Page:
Two of my biggest music influences growing up, my oft-mentioned older brothers, were away at college, which was an adjustment for me. Fortunately, Christmas break was upon us and they returned for a few weeks shortly after the murder so I had them around to process things. I understand if all this sounds strange for a little guy like I was at the time, but this is how it happened for me. I remember Paul and me walking to downtown Fulton over Christmas break. I begged him to buy me one of the many magazines with John on the cover from a drugstore. He did so, but on the walk back home he explained to me how many of these magazines were just making money off of John’s death – probably my first real-life lesson about the sometimes dark side of capitalism. I remember him playing the Shaved Fish compilation LP over and over those few weeks down in the basement.


It’s so surreal to think about to this day: John had just released his fantastic comeback album, Double Fantasy (yes, despite having to hear Yoko’s tracks, it’s still a great album – and I don’t even mind Yoko’s songs on it anymore). As I learned years later, serious plans for a concert tour had been made. It was going to happen, and who knows how things would’ve gone down the road with a rejuvenated Lennon. An actual Beatles reunion, perhaps? We’ll never know. One thing is certain: Every year since then, I’ve felt a wistfulness during the month of December, but there is a sweetness to it. It’s a month I really dive back into John’s solo work, as I’m doing today. Some years are a little heavier than others, but not a year goes by without it to some extent.


About fifteen years ago, Paul shared a real surprise with me. In December of 1980, he was a freshman in college in southwest Missouri. When he heard what had happened, he had the presence of mind in his dorm room to flip his stereo receiver to AM. On winter evenings in the Midwest, one can pick up radio stations from Chicago to Dallas, from Denver to New York City. He popped a blank cassette into his player, hit record, and started scrolling up and down the dial, where he found WABC in NYC coming in quite clearly at times, then fading out. They had a reporter on the scene at the Dakota and were playing Beatles music. He found other stations back east doing the same thing, all creepily fading in and out with their tributes. Down the line, he had converted that cassette to CD, and he gave me a copy which I usually end this date with.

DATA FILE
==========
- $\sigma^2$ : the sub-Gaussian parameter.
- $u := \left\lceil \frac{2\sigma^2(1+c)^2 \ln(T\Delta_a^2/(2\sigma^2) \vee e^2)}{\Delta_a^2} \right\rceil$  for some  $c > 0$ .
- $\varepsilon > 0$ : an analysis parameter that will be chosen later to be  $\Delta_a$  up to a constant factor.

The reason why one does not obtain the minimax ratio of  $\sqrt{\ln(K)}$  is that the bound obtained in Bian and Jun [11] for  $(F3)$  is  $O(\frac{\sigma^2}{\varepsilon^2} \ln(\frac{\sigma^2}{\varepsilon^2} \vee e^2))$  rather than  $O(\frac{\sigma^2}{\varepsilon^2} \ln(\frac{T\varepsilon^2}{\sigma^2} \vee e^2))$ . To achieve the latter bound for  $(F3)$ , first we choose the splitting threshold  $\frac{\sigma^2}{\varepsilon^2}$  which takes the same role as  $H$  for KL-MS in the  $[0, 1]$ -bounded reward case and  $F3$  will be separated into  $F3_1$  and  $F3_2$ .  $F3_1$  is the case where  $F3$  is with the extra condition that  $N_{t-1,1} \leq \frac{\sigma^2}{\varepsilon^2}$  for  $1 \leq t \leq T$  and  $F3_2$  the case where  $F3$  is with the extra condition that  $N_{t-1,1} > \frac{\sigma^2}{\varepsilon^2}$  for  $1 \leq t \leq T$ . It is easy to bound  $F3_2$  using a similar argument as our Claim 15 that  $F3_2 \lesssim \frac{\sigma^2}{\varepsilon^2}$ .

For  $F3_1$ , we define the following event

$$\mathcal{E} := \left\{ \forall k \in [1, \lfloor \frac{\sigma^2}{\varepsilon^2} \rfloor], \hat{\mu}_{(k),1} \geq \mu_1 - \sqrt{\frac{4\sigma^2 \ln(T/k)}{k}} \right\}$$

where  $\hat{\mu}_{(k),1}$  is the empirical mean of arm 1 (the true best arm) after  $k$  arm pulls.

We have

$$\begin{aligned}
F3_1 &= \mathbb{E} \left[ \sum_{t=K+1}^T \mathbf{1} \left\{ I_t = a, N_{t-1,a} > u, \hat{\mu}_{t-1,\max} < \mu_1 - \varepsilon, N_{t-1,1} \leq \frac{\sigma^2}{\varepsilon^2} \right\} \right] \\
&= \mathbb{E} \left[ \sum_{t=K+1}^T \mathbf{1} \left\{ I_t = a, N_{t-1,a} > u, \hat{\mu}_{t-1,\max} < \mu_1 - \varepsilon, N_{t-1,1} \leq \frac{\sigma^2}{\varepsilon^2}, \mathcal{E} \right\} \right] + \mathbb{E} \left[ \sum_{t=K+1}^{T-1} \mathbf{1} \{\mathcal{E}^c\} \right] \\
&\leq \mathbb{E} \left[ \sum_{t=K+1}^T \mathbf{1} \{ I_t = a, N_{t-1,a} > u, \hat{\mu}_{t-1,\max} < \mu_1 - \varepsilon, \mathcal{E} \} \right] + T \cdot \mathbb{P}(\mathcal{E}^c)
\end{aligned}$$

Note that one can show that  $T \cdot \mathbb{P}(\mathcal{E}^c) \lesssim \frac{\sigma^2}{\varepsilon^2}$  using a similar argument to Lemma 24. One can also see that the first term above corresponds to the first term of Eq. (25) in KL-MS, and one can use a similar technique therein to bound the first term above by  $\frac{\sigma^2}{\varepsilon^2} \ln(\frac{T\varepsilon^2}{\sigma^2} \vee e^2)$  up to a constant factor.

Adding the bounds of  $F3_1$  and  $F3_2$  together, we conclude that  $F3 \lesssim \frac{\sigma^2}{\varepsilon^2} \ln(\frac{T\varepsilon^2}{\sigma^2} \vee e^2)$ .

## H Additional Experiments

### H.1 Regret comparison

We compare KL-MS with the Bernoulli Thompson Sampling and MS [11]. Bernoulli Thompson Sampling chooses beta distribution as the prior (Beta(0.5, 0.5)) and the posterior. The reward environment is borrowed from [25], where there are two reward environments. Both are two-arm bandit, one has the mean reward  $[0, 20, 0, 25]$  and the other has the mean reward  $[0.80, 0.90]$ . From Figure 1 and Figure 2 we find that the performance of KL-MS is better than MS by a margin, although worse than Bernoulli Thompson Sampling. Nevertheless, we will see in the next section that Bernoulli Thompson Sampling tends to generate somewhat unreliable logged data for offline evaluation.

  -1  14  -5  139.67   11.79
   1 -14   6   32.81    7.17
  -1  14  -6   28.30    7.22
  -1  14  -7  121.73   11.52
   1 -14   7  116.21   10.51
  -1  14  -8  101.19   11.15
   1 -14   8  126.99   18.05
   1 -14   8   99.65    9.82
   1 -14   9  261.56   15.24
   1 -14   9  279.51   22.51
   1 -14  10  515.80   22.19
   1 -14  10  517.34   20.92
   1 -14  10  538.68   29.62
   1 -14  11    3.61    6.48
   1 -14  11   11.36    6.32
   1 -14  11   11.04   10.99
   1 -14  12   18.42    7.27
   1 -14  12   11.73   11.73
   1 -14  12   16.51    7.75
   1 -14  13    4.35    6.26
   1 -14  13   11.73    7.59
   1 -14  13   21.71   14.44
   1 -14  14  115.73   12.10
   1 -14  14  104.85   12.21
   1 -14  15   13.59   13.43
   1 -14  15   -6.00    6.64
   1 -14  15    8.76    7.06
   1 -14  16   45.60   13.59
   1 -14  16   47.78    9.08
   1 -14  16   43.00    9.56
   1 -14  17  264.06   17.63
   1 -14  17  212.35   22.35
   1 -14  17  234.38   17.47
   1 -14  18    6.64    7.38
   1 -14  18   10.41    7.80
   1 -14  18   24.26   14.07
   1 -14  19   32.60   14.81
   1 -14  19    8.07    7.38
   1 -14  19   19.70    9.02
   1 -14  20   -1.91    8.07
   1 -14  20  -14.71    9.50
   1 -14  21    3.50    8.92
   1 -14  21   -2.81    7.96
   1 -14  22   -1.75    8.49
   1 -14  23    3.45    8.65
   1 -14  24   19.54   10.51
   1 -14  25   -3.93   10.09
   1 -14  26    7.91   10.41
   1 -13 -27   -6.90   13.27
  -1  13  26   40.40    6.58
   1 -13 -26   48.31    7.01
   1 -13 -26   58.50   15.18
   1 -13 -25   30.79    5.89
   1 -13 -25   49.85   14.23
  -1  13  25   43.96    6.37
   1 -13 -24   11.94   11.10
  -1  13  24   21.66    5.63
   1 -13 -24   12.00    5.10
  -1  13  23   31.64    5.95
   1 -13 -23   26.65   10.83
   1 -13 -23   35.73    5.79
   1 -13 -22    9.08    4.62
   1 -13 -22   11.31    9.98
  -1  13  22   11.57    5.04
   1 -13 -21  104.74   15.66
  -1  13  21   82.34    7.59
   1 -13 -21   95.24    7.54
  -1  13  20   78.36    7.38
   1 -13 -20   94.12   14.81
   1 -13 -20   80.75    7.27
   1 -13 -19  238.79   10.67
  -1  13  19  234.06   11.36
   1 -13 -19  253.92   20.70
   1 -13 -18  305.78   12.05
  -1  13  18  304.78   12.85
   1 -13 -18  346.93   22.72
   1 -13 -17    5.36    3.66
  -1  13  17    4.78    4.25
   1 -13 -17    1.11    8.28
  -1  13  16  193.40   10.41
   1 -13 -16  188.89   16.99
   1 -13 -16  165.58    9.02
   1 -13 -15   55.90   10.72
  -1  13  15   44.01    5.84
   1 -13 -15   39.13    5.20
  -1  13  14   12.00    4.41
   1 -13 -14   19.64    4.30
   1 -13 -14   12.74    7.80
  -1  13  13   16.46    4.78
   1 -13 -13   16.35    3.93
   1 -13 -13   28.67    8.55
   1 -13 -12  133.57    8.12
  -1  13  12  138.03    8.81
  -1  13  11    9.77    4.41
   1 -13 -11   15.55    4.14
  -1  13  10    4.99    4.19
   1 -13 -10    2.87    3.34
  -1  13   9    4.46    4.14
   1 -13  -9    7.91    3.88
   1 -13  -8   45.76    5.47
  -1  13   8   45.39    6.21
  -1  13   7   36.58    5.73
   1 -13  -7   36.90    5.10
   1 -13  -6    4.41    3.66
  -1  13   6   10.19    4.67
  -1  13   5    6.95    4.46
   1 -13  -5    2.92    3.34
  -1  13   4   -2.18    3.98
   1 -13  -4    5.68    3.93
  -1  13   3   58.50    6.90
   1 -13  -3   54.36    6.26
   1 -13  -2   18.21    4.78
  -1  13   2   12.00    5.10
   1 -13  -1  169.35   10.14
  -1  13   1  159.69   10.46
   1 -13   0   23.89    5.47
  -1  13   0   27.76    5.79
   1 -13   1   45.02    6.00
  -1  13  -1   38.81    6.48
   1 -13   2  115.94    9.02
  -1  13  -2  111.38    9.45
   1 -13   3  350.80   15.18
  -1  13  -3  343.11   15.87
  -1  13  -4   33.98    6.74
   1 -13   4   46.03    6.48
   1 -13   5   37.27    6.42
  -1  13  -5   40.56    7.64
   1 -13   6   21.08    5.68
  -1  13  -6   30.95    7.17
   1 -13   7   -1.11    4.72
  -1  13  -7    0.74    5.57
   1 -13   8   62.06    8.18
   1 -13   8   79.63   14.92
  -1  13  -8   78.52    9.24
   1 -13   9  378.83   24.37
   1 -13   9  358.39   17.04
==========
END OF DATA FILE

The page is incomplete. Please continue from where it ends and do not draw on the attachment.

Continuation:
In two years, John will have been gone as long as he was with us. If I’m still blogging then, I’ll probably have more to say.




December 6 – A Feast for Stones Fans

The Rolling Stones – Beggars Banquet

The Rolling Stones, rock ‘n’ roll’s original bad boys, did not – as it always seemed to me through more youthful eyes looking back at music history – suddenly come by their late-60’s/early-70’s reputation.  It was there from the start. I know, I know, there’s the axiom that from the day the Beatles donned those collarless suits that the Stones were the Dark Side to the Fabs’ loveable mop top Bright Side.

David Bailey photo.

I always thought the clothing was really the only difference in terms of their attitudes until 1968. I was unaware until my late teens that they really did possess more of an edge, even if their music didn’t seem dark to me, at least no more so than the American blues songs which they revered actually were as opposed to the Chuck Berry and Carl Perkins influence on the Beatles. But a few earlier tracks notwithstanding, Beggars Banquet – released this day fifty years ago – is really when it started happening for the Rolling Stones to my ears and eyes.

BeggarsBanquetLP.jpg   Beggar_Banquet

My perception of the Stones in ’68 is that they couldn’t shed the paisley, dayglow ick of the previous year quickly enough. And it’s no coincidence that they made a no holds barred return to their blues roots to express it. They’d had a scary legal moment with Keith and Mick’s Redlands bust in ’67, and psychedelia never really fit their image (though I do like much of Their Satanic Majesties Request). In a way, with Beggars Banquet they had their own “get back” album before that other group, and it actually instigated a new Golden Age for the group instead of its demise.